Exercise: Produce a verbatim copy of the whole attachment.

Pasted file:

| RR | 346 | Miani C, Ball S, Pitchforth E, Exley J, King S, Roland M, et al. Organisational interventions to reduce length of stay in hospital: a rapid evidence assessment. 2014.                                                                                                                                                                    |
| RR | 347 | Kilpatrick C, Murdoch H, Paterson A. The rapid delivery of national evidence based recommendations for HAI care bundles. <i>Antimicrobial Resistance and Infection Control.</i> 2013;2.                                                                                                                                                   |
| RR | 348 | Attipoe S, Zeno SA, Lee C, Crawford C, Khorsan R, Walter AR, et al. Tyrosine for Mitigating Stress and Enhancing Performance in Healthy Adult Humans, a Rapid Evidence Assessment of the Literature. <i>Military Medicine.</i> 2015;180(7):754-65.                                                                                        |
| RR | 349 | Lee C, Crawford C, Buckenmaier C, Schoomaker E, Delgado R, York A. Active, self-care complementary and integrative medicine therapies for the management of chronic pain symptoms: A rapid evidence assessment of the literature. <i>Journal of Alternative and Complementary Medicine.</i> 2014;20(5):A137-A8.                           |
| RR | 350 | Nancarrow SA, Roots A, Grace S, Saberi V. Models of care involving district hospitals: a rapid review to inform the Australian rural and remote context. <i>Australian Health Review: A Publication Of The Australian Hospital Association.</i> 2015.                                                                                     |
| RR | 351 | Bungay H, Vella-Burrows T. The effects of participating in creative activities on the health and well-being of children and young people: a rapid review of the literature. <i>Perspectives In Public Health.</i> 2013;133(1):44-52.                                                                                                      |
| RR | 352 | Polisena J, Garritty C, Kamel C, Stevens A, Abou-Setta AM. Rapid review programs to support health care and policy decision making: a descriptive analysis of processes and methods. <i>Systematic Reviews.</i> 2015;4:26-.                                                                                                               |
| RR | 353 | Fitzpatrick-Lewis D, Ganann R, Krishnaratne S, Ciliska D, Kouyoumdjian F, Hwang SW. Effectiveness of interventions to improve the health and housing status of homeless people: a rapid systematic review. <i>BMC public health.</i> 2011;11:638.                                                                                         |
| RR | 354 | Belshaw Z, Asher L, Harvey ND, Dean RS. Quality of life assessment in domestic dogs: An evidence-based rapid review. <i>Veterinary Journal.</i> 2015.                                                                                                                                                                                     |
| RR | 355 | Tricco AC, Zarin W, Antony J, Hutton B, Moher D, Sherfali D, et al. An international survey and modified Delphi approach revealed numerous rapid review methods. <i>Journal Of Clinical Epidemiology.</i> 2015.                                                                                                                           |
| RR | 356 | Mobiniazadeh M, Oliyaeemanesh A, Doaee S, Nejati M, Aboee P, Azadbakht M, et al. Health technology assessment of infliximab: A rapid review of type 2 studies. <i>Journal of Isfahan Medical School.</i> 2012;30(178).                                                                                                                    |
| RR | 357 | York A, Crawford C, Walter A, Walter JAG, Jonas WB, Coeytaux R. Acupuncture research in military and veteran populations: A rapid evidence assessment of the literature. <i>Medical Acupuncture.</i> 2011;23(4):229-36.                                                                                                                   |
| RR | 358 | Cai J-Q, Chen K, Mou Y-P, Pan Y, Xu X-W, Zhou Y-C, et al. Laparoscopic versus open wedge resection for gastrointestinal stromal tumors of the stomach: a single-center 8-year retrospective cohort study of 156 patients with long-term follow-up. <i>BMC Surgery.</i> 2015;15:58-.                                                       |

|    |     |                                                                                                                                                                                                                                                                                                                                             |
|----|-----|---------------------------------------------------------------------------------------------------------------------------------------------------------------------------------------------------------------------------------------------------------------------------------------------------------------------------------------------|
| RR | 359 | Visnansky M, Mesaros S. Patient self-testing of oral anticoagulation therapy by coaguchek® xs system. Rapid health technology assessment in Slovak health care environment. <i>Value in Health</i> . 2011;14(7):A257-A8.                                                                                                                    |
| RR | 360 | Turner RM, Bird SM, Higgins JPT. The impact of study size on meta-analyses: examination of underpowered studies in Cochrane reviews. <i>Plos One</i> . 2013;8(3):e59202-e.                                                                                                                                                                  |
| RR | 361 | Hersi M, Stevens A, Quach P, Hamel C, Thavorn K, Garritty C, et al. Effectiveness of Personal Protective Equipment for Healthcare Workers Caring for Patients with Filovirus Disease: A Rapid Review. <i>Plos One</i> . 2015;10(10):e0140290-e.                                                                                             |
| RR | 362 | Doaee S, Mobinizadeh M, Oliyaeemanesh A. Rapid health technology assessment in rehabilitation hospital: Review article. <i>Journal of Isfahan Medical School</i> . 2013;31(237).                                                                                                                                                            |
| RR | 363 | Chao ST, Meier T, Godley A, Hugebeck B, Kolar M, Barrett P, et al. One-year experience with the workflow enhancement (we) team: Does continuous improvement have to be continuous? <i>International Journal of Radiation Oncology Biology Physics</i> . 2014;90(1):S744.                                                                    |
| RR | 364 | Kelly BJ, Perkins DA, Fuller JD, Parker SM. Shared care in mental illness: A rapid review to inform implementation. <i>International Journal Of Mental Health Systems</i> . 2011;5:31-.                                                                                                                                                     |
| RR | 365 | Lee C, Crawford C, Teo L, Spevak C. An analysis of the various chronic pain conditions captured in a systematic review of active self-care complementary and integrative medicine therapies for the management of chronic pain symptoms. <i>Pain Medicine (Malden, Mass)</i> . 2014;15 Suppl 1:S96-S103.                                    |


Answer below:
| RR | 346 | Miani C, Ball S, Pitchforth E, Exley J, King S, Roland M, et al. Organisational interventions to reduce length of stay in hospital: a rapid evidence assessment. 2014.                                                                                                                                                                    |
| RR | 347 | Kilpatrick C, Murdoch H, Paterson A. The rapid delivery of national evidence based recommendations for HAI care bundles. <i>Antimicrobial Resistance and Infection Control.</i> 2013;2.                                                                                                                                                   |
| RR | 348 | Attipoe S, Zeno SA, Lee C, Crawford C, Khorsan R, Walter AR, et al. Tyrosine for Mitigating Stress and Enhancing Performance in Healthy Adult Humans, a Rapid Evidence Assessment of the Literature. <i>Military Medicine.</i> 2015;180(7):754-65.                                                                                        |
| RR | 349 | Lee C, Crawford C, Buckenmaier C, Schoomaker E, Delgado R, York A. Active, self-care complementary and integrative medicine therapies for the management of chronic pain symptoms: A rapid evidence assessment of the literature. <i>Journal of Alternative and Complementary Medicine.</i> 2014;20(5):A137-A8.                           |
| RR | 350 | Nancarrow SA, Roots A, Grace S, Saberi V. Models of care involving district hospitals: a rapid review to inform the Australian rural and remote context. <i>Australian Health Review: A Publication Of The Australian Hospital Association.</i> 2015.                                                                                     |
| RR | 351 | Bungay H, Vella-Burrows T. The effects of participating in creative activities on the health and well-being of children and young people: a rapid review of the literature. <i>Perspectives In Public Health.</i> 2013;133(1):44-52.                                                                                                      |
| RR | 352 | Polisena J, Garritty C, Kamel C, Stevens A, Abou-Setta AM. Rapid review programs to support health care and policy decision making: a descriptive analysis of processes and methods. <i>Systematic Reviews.</i> 2015;4:26-.                                                                                                               |
| RR | 353 | Fitzpatrick-Lewis D, Ganann R, Krishnaratne S, Ciliska D, Kouyoumdjian F, Hwang SW. Effectiveness of interventions to improve the health and housing status of homeless people: a rapid systematic review. <i>BMC public health.</i> 2011;11:638.                                                                                         |
| RR | 354 | Belshaw Z, Asher L, Harvey ND, Dean RS. Quality of life assessment in domestic dogs: An evidence-based rapid review. <i>Veterinary Journal.</i> 2015.                                                                                                                                                                                     |
| RR | 355 | Tricco AC, Zarin W, Antony J, Hutton B, Moher D, Sherfali D, et al. An international survey and modified Delphi approach revealed numerous rapid review methods. <i>Journal Of Clinical Epidemiology.</i> 2015.                                                                                                                           |
| RR | 356 | Mobiniazadeh M, Oliyaeemanesh A, Doaee S, Nejati M, Aboee P, Azadbakht M, et al. Health technology assessment of infliximab: A rapid review of type 2 studies. <i>Journal of Isfahan Medical School.</i> 2012;30(178).                                                                                                                    |
| RR | 357 | York A, Crawford C, Walter A, Walter JAG, Jonas WB, Coeytaux R. Acupuncture research in military and veteran populations: A rapid evidence assessment of the literature. <i>Medical Acupuncture.</i> 2011;23(4):229-36.                                                                                                                   |
| RR | 358 | Cai J-Q, Chen K, Mou Y-P, Pan Y, Xu X-W, Zhou Y-C, et al. Laparoscopic versus open wedge resection for gastrointestinal stromal tumors of the stomach: a single-center 8-year retrospective cohort study of 156 patients with long-term follow-up. <i>BMC Surgery.</i> 2015;15:58-.                                                       |

|    |     |                                                                                                                                                                                                                                                                                                                                             |
|----|-----|---------------------------------------------------------------------------------------------------------------------------------------------------------------------------------------------------------------------------------------------------------------------------------------------------------------------------------------------|
| RR | 359 | Visnansky M, Mesaros S. Patient self-testing of oral anticoagulation therapy by coaguchek® xs system. Rapid health technology assessment in Slovak health care environment. <i>Value in Health</i> . 2011;14(7):A257-A8.                                                                                                                    |
| RR | 360 | Turner RM, Bird SM, Higgins JPT. The impact of study size on meta-analyses: examination of underpowered studies in Cochrane reviews. <i>Plos One</i> . 2013;8(3):e59202-e.                                                                                                                                                                  |
| RR | 361 | Hersi M, Stevens A, Quach P, Hamel C, Thavorn K, Garritty C, et al. Effectiveness of Personal Protective Equipment for Healthcare Workers Caring for Patients with Filovirus Disease: A Rapid Review. <i>Plos One</i> . 2015;10(10):e0140290-e.                                                                                             |
| RR | 362 | Doaee S, Mobinizadeh M, Oliyaeemanesh A. Rapid health technology assessment in rehabilitation hospital: Review article. <i>Journal of Isfahan Medical School</i> . 2013;31(237).                                                                                                                                                            |
| RR | 363 | Chao ST, Meier T, Godley A, Hugebeck B, Kolar M, Barrett P, et al. One-year experience with the workflow enhancement (we) team: Does continuous improvement have to be continuous? <i>International Journal of Radiation Oncology Biology Physics</i> . 2014;90(1):S744.                                                                    |
| RR | 364 | Kelly BJ, Perkins DA, Fuller JD, Parker SM. Shared care in mental illness: A rapid review to inform implementation. <i>International Journal Of Mental Health Systems</i> . 2011;5:31-.                                                                                                                                                     |
| RR | 365 | Lee C, Crawford C, Teo L, Spevak C. An analysis of the various chronic pain conditions captured in a systematic review of active self-care complementary and integrative medicine therapies for the management of chronic pain symptoms. <i>Pain Medicine (Malden, Mass)</i> . 2014;15 Suppl 1:S96-S103.                                    |